At these first three levels of cognitive difficulty in public policy fields, there is scope for potential consultants, but they are usually not analytical experts as much as operational ones. Advisors at these levels can be used to establish and measure empirical data. They take surveys, make simple checks, or conduct case studies. The ideas of this type of administrative consultant is centered around elementary and clear-cut methods that supervising managers can readily understand. There are no arcane calculations or mysterious black-box procedures, whose operation the policy-maker must simply take on trust. Experts at these levels, whether in-house or out-of-house, can be made to explain every step in their work.

        The fourth level of complexity is the first to definitely require input from true experts. Only people with higher training in science or mathematics can fully appreciate the difficulty at this level. Statistical analysis of epidemiological data or probabilistic analysis of future health care needs are examples. The fifth level of cognitive difficulty is where the subject borders on the scientific unknowable, with rival and controversial scientific viewpoints. Examples include claimed cures or vaccines for diseases, or medical strategies for dealing with major threats such as AIDS. The sixth level, the highest degree of difficulty, is the beyond current scientific knowledge. There are no rival claims from experts, because the subject is scientifically unknowable. Examples are public policy decisions for the treatment of Alzheimer's or Parkinson's diseases, for which no known treatment exists.

        In these last three levels of difficulty in public policy fields, the status of the expert advisor has changed. For the manager, real technical difficulties overshadow mere elaborativeness or complexity of detail. At this point, experts can no longer explain themselves fully to people outside their fields. Only the exceptional manager has the specialized training to follow the language and techniques of the true expert. Most managers trust the opinions of an expert or seek to establish a consensus of opinion by such experts. At the highest levels of difficulty, experts cannot claim to know how to create solutions or even argue amongst themselves about the best solution.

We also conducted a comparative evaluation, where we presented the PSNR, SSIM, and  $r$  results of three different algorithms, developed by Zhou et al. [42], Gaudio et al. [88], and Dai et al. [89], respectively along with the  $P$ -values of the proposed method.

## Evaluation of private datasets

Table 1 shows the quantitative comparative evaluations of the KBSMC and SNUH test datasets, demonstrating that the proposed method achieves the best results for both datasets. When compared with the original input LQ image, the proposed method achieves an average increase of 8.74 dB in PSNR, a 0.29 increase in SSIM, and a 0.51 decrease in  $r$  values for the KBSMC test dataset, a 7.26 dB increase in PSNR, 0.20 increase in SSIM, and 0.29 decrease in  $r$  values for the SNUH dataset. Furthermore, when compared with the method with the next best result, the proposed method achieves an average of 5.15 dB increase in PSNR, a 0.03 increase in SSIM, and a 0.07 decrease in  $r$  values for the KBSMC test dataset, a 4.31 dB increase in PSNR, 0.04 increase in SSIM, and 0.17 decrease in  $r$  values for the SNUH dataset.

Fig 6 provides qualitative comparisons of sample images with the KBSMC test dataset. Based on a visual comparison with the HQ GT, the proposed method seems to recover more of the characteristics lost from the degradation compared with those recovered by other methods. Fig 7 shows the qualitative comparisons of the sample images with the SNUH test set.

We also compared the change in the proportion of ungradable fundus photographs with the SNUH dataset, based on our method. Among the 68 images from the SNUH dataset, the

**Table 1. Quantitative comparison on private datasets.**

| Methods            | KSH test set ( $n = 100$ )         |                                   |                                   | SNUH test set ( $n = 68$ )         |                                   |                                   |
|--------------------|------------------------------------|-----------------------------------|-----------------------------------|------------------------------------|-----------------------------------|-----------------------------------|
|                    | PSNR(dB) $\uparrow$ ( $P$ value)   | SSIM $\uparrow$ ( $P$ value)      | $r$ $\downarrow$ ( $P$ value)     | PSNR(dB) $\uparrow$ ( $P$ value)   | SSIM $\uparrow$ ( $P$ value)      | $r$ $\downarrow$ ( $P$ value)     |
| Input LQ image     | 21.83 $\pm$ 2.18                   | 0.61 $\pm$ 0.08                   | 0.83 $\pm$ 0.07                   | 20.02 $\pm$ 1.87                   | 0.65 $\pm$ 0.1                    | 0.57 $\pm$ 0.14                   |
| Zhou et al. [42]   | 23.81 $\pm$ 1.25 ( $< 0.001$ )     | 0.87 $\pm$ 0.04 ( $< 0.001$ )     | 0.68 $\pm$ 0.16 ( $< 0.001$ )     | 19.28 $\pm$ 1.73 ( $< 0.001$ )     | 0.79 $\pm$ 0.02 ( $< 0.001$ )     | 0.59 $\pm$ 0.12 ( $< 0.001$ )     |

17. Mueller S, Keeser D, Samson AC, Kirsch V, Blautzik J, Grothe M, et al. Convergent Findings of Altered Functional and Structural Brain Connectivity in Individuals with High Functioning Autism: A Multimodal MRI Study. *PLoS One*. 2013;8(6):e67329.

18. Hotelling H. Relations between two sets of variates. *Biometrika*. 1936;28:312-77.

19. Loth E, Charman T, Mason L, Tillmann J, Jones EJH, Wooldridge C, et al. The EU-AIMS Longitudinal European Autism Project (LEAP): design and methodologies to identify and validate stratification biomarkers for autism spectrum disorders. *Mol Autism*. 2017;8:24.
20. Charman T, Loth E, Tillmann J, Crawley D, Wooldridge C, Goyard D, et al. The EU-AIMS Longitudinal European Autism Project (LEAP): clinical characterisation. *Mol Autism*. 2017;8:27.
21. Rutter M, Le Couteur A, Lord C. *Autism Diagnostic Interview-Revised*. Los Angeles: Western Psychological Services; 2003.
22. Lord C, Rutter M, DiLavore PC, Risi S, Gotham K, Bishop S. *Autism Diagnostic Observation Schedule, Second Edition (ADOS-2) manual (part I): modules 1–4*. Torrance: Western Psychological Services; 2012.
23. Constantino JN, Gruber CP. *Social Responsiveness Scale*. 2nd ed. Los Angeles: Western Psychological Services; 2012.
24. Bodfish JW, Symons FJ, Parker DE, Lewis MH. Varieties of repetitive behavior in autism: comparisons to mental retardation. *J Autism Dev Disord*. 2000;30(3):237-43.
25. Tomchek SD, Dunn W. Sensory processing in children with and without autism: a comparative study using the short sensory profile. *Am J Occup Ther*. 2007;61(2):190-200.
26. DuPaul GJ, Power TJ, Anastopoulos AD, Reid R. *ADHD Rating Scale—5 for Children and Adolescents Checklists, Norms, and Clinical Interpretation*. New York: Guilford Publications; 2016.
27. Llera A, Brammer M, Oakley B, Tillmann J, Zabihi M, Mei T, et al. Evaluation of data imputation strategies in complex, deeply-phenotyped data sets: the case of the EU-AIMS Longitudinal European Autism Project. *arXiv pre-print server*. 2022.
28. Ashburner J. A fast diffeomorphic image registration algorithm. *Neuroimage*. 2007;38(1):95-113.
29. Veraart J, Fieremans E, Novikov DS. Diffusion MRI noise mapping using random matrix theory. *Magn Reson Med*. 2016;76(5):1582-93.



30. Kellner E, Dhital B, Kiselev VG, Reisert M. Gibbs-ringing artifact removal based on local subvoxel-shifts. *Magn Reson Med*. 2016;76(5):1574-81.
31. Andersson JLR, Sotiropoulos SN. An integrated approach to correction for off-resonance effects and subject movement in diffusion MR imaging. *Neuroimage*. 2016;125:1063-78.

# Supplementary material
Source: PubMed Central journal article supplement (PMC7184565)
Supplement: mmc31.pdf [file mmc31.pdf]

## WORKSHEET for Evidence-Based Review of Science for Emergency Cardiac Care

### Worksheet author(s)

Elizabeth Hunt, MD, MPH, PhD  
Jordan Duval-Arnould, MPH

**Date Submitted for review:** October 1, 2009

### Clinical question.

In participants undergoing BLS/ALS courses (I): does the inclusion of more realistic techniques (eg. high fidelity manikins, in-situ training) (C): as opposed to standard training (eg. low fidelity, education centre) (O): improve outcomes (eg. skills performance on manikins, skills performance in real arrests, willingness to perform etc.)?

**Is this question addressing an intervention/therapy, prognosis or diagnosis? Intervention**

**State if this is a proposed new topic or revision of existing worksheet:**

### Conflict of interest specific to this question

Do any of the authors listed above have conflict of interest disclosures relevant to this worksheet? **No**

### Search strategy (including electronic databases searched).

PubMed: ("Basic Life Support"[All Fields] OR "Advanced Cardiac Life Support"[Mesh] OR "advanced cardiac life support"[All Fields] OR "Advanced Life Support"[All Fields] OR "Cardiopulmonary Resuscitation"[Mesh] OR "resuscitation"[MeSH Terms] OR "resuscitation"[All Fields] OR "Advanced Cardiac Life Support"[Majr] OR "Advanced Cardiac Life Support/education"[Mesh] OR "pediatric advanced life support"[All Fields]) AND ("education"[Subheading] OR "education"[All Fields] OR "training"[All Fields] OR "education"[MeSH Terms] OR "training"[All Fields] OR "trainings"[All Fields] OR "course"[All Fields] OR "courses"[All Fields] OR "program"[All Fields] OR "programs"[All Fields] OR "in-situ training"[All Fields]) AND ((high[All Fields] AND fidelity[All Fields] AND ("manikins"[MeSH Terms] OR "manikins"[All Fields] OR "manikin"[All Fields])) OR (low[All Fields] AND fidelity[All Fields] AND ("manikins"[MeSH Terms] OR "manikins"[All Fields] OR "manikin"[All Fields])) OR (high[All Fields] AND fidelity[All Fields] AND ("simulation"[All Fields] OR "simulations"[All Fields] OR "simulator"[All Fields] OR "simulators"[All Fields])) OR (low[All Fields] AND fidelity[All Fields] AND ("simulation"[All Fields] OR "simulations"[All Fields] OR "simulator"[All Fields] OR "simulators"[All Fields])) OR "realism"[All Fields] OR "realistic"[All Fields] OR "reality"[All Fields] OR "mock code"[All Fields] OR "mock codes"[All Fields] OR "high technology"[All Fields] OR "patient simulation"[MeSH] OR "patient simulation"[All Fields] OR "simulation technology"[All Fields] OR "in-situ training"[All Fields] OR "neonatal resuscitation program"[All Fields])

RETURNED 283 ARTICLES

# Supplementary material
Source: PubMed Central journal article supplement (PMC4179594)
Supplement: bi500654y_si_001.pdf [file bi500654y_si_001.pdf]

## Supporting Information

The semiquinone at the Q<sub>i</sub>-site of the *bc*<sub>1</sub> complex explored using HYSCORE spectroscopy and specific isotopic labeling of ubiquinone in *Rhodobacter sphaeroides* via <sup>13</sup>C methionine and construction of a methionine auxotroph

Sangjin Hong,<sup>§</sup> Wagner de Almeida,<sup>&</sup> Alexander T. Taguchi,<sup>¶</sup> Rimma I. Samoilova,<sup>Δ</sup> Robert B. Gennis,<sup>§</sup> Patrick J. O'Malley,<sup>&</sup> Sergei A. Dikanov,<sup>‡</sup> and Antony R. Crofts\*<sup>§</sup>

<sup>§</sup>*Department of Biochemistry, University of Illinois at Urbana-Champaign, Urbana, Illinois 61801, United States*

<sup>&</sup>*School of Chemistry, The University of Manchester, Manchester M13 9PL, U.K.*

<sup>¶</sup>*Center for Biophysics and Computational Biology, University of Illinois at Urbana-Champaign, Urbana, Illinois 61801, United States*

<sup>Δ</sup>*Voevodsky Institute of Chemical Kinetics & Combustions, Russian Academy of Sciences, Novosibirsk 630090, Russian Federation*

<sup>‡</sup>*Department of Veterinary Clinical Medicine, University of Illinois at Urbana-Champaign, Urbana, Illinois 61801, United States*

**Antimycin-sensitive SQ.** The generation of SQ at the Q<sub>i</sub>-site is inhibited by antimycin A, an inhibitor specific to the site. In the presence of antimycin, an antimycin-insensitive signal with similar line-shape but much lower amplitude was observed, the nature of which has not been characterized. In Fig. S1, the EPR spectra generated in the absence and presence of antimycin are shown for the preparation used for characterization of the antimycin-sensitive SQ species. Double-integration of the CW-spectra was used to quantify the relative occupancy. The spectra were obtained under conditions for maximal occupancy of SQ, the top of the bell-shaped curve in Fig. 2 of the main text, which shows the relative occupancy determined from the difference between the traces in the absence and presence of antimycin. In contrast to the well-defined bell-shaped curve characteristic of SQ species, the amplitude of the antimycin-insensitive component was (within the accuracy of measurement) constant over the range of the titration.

It is here that the manager faces his greatest dilemma. Public policy pressures often require managers and decision-makers to do something fast, but at the level of the unknown, expert advice of the usual kind, consisting of experience and reasoning, is no longer available. There is no time or funds to allow for further research. Sometimes the differing opinions of ideologues, politicians, or even visionaries and seers is all that is available. At this highest level of difficulty, the unquantifiable wisdom of decision-makers comes into play, for at the borders of scientific knowledge, an unselfish hunch, the proverbial shot-in-the-dark, is the best we can hope for.

 

 

Paradigm Shift: The New Promise of Information Technology

by Don Tapscott and Art Caston (McGraw-Hill)

Reviewed by Dennis William Hauck

 

        Recent computer problems at California's Department of Motor Vehicles underscore how difficult it is for government bodies to "reinvent themselves" using existing technology. Today's expensive computer systems can be surprisingly limited in function and painfully slow to get up and running. While everyone agrees that the old, unresponsive bureaucracy does not work in our ever-changing, faster-paced society, there are serious doubts whether modern computer systems will be able to provide the tools to make organizational rebirth possible.